For winter sports
enthusiasts The Cairngorm Mountains in north-east Scotland are Britain’s most popular ski area. The ski area with a total of 28 slopes can also be explored with chairlifts at an altitude of up to 1,300 m.
The following table shows climate data for Great Britain. It should be noted that the climatic conditions in different regions of the country can differ from each other and thus also from the values shown. In addition, the monthly temperature averages have little informative value with regard to the minimum or maximum temperatures. It is possible that at average temperatures of around 20 ° C maximum values of 30 °C or more occur. The table therefore only provides a general overview of the climatic conditions in Great Britain.
|Month||Mean rainfall in millimeters||Mean maximum temperatures in (°C)||Mean minimum temperatures in (°C)|
Hebrides, Western Isles
Western Isles is the umbrella term for the Inner and Outer Hebrides of Scotland, which are of volcanic origin. The islands have been inhabited for 6,000 years and offer wonderful natural monuments, numerous waterways and wonderfully wide sandy beaches. Gaelic is still spoken on the islands today.
The Outer Hebrides are west of the Inner Hebrides and around 60 km west of the Scottish mainland. They extend in an arc with a length of about 210 km from the Butt of Lewis in the north to Barra Head in the south. From the southeast lying Inner Hebrides they are separated by the straits Little Minch and North Minch.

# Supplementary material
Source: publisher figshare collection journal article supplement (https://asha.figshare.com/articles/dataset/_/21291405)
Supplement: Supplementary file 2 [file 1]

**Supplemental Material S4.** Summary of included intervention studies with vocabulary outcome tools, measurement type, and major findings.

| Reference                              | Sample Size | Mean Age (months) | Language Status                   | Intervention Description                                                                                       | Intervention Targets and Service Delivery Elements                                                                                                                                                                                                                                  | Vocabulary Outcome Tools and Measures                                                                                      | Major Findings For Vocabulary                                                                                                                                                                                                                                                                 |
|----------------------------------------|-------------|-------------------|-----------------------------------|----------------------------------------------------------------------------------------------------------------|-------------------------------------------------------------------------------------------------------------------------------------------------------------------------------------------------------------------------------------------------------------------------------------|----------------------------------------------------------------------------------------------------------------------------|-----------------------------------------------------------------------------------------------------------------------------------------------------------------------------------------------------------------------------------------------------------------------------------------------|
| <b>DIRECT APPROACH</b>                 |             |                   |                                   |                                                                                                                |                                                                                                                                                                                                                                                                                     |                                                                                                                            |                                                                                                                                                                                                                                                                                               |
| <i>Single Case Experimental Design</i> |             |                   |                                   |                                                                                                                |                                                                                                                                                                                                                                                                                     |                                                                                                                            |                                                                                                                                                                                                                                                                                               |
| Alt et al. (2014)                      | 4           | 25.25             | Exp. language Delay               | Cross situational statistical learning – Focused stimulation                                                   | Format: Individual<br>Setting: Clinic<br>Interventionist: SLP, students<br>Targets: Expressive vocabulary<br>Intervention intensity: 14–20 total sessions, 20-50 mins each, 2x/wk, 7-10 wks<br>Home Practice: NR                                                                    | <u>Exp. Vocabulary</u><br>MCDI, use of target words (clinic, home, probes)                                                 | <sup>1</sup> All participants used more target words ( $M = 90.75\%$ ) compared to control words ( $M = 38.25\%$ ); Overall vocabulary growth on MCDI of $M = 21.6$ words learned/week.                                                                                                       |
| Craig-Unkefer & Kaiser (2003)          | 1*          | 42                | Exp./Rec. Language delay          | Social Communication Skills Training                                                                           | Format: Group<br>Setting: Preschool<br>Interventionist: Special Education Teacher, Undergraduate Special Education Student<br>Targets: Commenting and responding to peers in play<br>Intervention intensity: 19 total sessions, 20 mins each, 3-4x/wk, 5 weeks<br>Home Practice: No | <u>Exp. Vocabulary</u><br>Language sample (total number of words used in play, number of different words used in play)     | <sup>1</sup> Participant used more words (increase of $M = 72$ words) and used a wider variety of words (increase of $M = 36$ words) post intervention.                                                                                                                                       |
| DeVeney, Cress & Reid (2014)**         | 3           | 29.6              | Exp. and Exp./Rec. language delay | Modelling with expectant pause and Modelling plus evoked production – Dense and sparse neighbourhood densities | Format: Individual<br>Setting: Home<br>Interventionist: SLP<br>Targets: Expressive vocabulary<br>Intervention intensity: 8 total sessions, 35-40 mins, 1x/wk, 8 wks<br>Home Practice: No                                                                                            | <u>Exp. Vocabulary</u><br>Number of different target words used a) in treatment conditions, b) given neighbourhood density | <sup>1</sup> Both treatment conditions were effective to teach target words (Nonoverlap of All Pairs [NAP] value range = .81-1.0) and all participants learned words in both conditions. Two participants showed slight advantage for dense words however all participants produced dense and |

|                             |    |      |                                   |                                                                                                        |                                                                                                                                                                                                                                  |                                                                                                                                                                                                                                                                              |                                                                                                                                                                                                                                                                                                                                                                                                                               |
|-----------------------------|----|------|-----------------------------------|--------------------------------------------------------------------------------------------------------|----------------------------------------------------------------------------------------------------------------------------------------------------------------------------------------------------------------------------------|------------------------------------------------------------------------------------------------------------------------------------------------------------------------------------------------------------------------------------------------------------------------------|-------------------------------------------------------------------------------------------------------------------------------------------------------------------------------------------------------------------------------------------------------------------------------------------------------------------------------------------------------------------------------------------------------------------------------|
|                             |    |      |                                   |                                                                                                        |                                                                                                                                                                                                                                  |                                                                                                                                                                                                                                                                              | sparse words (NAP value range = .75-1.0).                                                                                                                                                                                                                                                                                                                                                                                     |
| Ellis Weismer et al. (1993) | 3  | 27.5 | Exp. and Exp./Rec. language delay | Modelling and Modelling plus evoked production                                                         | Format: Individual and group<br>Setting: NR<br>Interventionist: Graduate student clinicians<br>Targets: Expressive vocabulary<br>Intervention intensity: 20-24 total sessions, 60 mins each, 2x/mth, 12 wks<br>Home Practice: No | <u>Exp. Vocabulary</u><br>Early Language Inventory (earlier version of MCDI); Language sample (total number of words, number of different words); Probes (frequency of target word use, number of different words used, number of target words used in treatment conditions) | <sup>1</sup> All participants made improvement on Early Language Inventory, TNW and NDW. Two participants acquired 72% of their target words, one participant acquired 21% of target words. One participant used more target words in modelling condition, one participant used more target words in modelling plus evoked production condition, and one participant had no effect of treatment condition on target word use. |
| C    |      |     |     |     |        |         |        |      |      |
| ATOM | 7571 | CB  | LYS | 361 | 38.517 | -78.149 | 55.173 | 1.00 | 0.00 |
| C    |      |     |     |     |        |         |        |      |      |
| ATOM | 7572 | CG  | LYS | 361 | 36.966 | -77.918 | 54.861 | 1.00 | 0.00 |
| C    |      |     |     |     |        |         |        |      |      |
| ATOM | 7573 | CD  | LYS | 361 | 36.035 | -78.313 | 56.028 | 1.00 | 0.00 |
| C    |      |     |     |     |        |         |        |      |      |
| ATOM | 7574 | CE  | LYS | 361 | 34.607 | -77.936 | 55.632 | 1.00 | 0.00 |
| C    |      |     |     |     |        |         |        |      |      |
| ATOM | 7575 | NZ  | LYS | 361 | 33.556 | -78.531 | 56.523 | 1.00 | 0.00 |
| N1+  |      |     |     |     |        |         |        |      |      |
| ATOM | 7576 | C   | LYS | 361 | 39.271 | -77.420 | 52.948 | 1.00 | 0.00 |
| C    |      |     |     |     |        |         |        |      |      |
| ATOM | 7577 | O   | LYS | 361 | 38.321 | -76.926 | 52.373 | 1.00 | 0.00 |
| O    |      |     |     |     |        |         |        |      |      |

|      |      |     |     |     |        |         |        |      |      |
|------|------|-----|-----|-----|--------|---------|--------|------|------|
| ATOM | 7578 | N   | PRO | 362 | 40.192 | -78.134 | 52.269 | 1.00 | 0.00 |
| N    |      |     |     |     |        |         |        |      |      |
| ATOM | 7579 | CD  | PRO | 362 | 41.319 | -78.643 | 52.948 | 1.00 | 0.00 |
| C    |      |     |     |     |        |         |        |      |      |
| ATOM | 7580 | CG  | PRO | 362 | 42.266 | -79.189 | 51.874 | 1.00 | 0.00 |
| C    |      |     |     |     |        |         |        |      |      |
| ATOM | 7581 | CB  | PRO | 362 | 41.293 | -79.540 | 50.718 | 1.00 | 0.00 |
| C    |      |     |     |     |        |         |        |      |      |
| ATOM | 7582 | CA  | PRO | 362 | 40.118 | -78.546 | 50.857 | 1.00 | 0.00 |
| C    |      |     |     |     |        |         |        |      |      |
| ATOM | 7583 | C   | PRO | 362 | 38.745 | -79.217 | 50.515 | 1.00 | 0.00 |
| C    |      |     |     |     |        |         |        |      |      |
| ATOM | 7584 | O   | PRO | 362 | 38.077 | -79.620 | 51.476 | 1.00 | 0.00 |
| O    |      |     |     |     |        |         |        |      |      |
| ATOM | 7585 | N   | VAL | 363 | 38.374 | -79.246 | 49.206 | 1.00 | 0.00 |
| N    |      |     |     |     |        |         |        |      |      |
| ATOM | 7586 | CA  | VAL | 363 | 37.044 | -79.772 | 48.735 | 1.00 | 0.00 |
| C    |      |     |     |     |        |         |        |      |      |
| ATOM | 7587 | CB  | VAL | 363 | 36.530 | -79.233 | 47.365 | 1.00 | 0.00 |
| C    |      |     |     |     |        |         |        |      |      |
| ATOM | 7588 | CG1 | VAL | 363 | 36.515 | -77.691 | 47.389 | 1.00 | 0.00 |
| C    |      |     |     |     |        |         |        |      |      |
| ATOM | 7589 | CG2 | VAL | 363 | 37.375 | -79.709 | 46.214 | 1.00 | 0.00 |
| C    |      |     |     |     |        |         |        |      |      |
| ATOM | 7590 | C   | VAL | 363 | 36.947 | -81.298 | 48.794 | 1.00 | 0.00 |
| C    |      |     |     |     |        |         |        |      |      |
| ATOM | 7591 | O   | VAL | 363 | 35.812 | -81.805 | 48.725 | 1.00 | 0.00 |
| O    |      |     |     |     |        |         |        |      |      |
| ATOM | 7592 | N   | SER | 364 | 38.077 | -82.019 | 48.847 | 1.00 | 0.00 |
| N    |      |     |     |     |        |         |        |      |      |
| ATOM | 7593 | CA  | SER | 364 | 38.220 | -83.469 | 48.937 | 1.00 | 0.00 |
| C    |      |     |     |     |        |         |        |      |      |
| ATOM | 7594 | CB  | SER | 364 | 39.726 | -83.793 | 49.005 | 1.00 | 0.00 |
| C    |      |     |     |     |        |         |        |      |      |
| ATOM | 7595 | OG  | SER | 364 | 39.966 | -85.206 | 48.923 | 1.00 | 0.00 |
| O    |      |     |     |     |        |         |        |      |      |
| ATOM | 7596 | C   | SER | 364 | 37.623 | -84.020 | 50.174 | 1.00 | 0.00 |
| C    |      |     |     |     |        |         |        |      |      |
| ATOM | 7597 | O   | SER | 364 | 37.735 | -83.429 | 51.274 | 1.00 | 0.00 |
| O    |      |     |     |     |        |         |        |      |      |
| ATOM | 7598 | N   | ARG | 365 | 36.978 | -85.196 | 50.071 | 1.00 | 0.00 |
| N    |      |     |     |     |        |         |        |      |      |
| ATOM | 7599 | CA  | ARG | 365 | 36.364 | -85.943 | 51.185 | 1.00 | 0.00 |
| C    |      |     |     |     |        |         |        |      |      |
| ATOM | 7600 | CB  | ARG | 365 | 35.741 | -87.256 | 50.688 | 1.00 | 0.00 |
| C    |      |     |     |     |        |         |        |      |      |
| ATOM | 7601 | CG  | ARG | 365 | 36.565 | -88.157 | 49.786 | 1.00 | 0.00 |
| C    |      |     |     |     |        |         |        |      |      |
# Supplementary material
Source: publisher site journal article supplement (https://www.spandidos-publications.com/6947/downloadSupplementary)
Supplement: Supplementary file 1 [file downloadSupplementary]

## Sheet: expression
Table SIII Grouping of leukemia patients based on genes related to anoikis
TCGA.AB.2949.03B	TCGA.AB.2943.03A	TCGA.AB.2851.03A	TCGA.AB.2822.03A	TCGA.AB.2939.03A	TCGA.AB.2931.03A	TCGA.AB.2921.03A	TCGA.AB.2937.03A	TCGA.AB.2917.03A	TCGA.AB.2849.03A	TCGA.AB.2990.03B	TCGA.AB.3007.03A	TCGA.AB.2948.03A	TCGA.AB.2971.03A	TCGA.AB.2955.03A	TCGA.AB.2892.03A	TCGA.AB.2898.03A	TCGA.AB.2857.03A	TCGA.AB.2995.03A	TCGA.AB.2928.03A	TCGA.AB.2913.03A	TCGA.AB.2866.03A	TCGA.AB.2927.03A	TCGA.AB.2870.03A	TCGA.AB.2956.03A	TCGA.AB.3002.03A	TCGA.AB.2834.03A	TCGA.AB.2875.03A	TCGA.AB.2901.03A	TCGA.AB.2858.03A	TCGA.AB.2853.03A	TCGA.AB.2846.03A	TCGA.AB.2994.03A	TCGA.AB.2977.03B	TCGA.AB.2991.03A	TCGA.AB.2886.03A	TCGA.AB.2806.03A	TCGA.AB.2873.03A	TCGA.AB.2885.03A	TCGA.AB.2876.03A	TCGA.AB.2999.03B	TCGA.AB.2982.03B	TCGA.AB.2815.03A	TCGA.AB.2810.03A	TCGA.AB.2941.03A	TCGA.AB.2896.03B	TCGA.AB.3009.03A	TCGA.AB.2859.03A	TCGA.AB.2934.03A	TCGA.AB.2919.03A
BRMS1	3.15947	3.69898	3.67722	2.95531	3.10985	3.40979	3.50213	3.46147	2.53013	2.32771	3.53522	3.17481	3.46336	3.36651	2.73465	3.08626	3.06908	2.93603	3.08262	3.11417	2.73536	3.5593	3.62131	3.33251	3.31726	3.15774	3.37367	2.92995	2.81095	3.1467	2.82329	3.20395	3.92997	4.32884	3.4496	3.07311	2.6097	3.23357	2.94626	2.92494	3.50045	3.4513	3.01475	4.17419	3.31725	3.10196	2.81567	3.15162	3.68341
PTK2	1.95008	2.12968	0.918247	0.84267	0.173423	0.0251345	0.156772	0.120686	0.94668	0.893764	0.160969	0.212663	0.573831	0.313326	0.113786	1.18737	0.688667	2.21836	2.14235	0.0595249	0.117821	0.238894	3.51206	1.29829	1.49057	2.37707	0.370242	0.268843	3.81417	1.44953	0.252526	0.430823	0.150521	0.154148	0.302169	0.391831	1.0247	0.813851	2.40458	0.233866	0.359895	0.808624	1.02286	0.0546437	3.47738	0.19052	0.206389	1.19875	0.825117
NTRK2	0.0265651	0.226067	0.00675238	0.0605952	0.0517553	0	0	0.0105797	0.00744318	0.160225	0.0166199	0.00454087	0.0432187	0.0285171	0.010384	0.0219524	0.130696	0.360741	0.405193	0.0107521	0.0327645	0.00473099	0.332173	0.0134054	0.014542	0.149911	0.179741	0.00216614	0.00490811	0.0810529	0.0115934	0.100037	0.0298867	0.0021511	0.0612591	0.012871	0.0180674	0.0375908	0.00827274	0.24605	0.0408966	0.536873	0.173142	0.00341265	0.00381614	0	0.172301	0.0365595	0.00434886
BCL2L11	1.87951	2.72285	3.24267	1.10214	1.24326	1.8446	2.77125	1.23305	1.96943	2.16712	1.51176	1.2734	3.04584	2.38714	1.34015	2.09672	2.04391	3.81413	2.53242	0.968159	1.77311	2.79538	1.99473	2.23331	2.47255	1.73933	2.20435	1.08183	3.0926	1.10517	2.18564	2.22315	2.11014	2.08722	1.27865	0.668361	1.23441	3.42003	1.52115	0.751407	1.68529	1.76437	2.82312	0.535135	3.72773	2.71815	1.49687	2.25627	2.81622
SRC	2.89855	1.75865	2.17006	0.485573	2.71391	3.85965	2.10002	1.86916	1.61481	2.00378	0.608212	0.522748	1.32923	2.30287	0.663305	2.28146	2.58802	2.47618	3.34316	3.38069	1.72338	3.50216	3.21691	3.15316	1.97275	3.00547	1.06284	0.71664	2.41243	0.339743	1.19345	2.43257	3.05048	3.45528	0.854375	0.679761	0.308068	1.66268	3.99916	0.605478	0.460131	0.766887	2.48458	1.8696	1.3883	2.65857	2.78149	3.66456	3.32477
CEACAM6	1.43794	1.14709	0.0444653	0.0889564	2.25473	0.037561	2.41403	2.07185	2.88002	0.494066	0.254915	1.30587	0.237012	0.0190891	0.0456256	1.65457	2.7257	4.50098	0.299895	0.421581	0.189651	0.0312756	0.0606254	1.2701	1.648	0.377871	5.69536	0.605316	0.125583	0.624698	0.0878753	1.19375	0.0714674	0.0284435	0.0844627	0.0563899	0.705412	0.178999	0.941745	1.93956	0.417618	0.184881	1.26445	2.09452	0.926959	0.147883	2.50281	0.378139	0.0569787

The ten largest islands in the Outer Hebrides are:
– Barra with an area of 58.8 km²
– Benbecula with an area of 82 km²
– Berneray with an area of 10.1 km²
– Eriskay with an area of 7 km²
– Great Bernera with a Area of 21.2 km²
– Grimsay with an area of 8.3 km²
– Lewis and Harris with an area of 2,179 km²
– North Uist with an area of 303 km²
– South Uist with an area of 320.3 km²
– Taransay with an area of 14.8 km²
The Isle of Skye is the largest island in the Inner Hebrides with an area of 1,656 km² and is accessible via a car bridge. The island served Bonnie Prince Charlie as a refuge in the mid-18th century after his unsuccessful attempt to claim the English crown.
In addition to Skye, the Inner Hebrides consist of the following larger islands:
– Ascrib Islands
– Crowlin Islands
A special feature is the local “Hebridean Whale Trail” with its 25 whale watching sites, including the 105 km² island of Rum with the 810 m high, extinct volcano Askival. 24 species of whales and dolphins can be seen in the waters of the Hebrides, including humpback whales, porpoises and orcas.
Land of whiskey
Whiskey fans especially rave about the Scottish whiskey. Incidentally, whiskey is written in the USA and Ireland. Whisk (e) y is an alcoholic drink obtained from grain as well as fermentation (= fermentation) and distillation. Apart from Canadian whiskey, it consists of 100% grain), i.e. mainly barley, rye or corn. The name is derived from the Gaelic term Ushkebar and means water of life. The use of the term whisk (e) y is attested for the first time in the 16th century.